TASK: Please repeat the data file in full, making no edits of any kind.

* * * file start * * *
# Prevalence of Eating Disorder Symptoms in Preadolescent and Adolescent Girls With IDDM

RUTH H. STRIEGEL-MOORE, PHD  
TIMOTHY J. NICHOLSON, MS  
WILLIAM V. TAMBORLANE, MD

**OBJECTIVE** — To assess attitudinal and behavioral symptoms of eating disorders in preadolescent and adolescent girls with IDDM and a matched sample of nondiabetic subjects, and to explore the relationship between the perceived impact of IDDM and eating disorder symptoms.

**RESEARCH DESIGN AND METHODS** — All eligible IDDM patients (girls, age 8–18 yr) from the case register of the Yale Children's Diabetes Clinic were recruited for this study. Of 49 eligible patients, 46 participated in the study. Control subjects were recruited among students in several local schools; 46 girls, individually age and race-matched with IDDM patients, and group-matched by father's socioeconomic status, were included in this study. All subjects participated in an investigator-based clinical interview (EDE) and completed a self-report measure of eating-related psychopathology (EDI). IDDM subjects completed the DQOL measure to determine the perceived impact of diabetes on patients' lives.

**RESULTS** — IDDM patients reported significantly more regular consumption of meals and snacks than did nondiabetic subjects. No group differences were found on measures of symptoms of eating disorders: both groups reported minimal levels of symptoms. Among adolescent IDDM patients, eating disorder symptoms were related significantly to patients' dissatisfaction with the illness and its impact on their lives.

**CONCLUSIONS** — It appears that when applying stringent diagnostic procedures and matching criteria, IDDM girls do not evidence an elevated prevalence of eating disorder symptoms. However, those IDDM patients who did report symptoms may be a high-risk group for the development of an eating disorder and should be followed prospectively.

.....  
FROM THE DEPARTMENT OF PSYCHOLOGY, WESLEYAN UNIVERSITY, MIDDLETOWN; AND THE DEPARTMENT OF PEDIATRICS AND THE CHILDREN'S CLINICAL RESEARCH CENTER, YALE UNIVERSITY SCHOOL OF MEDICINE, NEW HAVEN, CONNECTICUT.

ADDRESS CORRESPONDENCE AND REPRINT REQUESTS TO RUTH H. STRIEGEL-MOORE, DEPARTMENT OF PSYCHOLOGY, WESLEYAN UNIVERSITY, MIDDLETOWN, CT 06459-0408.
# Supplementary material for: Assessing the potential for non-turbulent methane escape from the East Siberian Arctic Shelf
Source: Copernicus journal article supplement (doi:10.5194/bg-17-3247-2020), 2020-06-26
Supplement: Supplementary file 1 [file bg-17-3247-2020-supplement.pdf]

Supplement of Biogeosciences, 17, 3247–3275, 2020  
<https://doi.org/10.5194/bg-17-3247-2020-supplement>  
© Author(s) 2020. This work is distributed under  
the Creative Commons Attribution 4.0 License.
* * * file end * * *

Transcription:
# Prevalence of Eating Disorder Symptoms in Preadolescent and Adolescent Girls With IDDM

RUTH H. STRIEGEL-MOORE, PHD  
TIMOTHY J. NICHOLSON, MS  
WILLIAM V. TAMBORLANE, MD

**OBJECTIVE** — To assess attitudinal and behavioral symptoms of eating disorders in preadolescent and adolescent girls with IDDM and a matched sample of nondiabetic subjects, and to explore the relationship between the perceived impact of IDDM and eating disorder symptoms.

**RESEARCH DESIGN AND METHODS** — All eligible IDDM patients (girls, age 8–18 yr) from the case register of the Yale Children's Diabetes Clinic were recruited for this study. Of 49 eligible patients, 46 participated in the study. Control subjects were recruited among students in several local schools; 46 girls, individually age and race-matched with IDDM patients, and group-matched by father's socioeconomic status, were included in this study. All subjects participated in an investigator-based clinical interview (EDE) and completed a self-report measure of eating-related psychopathology (EDI). IDDM subjects completed the DQOL measure to determine the perceived impact of diabetes on patients' lives.

**RESULTS** — IDDM patients reported significantly more regular consumption of meals and snacks than did nondiabetic subjects. No group differences were found on measures of symptoms of eating disorders: both groups reported minimal levels of symptoms. Among adolescent IDDM patients, eating disorder symptoms were related significantly to patients' dissatisfaction with the illness and its impact on their lives.

**CONCLUSIONS** — It appears that when applying stringent diagnostic procedures and matching criteria, IDDM girls do not evidence an elevated prevalence of eating disorder symptoms. However, those IDDM patients who did report symptoms may be a high-risk group for the development of an eating disorder and should be followed prospectively.

.....  
FROM THE DEPARTMENT OF PSYCHOLOGY, WESLEYAN UNIVERSITY, MIDDLETOWN; AND THE DEPARTMENT OF PEDIATRICS AND THE CHILDREN'S CLINICAL RESEARCH CENTER, YALE UNIVERSITY SCHOOL OF MEDICINE, NEW HAVEN, CONNECTICUT.

ADDRESS CORRESPONDENCE AND REPRINT REQUESTS TO RUTH H. STRIEGEL-MOORE, DEPARTMENT OF PSYCHOLOGY, WESLEYAN UNIVERSITY, MIDDLETOWN, CT 06459-0408.
# Supplementary material for: Assessing the potential for non-turbulent methane escape from the East Siberian Arctic Shelf
Source: Copernicus journal article supplement (doi:10.5194/bg-17-3247-2020), 2020-06-26
Supplement: Supplementary file 1 [file bg-17-3247-2020-supplement.pdf]

Supplement of Biogeosciences, 17, 3247–3275, 2020  
<https://doi.org/10.5194/bg-17-3247-2020-supplement>  
© Author(s) 2020. This work is distributed under  
the Creative Commons Attribution 4.0 License.